News & Politics

Great Hair 2012: Barbershop Quartet

Even politicians and bureaucrats are serious about their hair: Nearly a dozen federal entities have on-site barbers. Here’s a look at four.

Joe Quattrone. Photograph by Jeff Elkins.

House of Representatives

Barber: Joe Quattrone, formerly a farmer in
Italy, heads the House’s privatized barbershop. His is one of the best
jobs, he says, “because you come in contact every day with the people who
control the world.”

Inside look: He has trimmed everyone from Prime
Minister Giulio Andreotti of Italy—who insisted on having his picture
taken with Quattrone—to Dick Cheney, Al Gore, and Gerald Ford. He cut
Ford’s hair two days before he became President.

Top secret: “Ford didn’t come once without
asking about my wife,” says Quattrone, who eventually brought his wife to
meet the then-Vice President. “He shook her hand, and they talked. Things
like that you don’t forget. Every day I get out of bed and kiss the ground
that I live the American dream.”

David Besenyei. Photograph by Jeff Elkins.

Department of Energy

Barber: David Besenyei has been cutting hair
in the Forrestal Building since the 1970s, after being honorably
discharged from the Army. (He spent 18 months in Korea.)

Inside look: Although Besenyei considers
“every person who enters the shop to be a very important person” and has
snipped and shaved several Energy Secretaries, cutting the hair of singer
James Brown when Besenyei worked at a barbershop at Reagan National
Airport was a big moment.

Top secret: Besenyei says that nowadays most
of his clients ask for short, razor-style cuts, a trend that seemed to
pick up after September 11, 2001.

Daivon Davis. Photograph courtesy of the CIA.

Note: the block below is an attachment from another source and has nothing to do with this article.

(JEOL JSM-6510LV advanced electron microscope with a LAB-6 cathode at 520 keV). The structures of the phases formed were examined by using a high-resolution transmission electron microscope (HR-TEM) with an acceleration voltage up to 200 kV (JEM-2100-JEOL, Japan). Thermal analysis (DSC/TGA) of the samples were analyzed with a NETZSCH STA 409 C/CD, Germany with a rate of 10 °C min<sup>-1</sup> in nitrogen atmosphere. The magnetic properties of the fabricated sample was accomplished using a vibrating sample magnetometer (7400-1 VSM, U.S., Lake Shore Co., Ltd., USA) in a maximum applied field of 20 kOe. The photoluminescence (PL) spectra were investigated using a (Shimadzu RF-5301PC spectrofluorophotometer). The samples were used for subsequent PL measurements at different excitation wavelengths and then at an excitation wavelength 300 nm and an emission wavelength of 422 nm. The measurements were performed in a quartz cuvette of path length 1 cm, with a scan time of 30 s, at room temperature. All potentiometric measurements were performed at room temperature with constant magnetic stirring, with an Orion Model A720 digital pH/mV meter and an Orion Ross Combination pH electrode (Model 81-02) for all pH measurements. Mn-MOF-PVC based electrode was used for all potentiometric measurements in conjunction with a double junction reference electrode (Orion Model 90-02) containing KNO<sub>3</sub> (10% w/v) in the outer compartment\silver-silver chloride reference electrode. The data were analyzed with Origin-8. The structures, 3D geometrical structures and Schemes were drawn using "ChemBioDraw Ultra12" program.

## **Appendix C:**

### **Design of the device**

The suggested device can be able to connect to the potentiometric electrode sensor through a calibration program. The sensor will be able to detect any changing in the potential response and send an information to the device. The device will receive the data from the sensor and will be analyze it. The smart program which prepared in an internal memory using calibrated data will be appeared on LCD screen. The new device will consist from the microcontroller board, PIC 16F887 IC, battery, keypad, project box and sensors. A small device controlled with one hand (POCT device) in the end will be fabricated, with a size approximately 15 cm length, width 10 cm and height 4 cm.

Central Intelligence Agency

Barber: Daivon Davis is not only the first
African-American to own the CIA’s barbershop but the first to cut hair in
the shop, which opened in 1955. Now 24, he got the gig at age 18, then
bought the shop in 2010.

Inside look: Davis’s chair has seen the likes
of General Michael Hayden and former CIA director Leon Panetta. “You know
they’re bigwigs when you see bodyguards standing outside the door,” Davis
says. “A lot of them are adrenaline junkies, so we talk about cars and

Top secret: Davis knows something big is
happening when regulars aren’t coming in: “Last year during the Egypt
situation, when the president finally stepped down, about 30 minutes later
I had a big flock of people come in.”

Lenny Gilleo. Photograph by Jeff Elkins.

Federal Reserve

Barber: Lenny Gilleo, self-proclaimed Hairman
of the Board, has been cutting hair for half a century, including the past
five Fed chairmen. His business cards say: “My monetary policy is greatly
affected by your growth rate.”

Inside look: Gilleo, who may cut “the hair of
the chairman one minute, the guy sweeping floors the next,” says he knows
something’s up when people carry yellow notepads: “Just a guess, but that
tells you they’re not doing anything on e-mail, so they don’t want anybody
to know.”

Top secret: “I haven’t seen anyone who doesn’t
come back looking better,” Gilleo says of chairmen who have retired and
returned for a cut. “They look more relaxed.”

Other federal institutions with on-site barbers include the US
Senate, the Pentagon, the Agriculture Department, the Interior Department,
and the Federal Aviation Administration.

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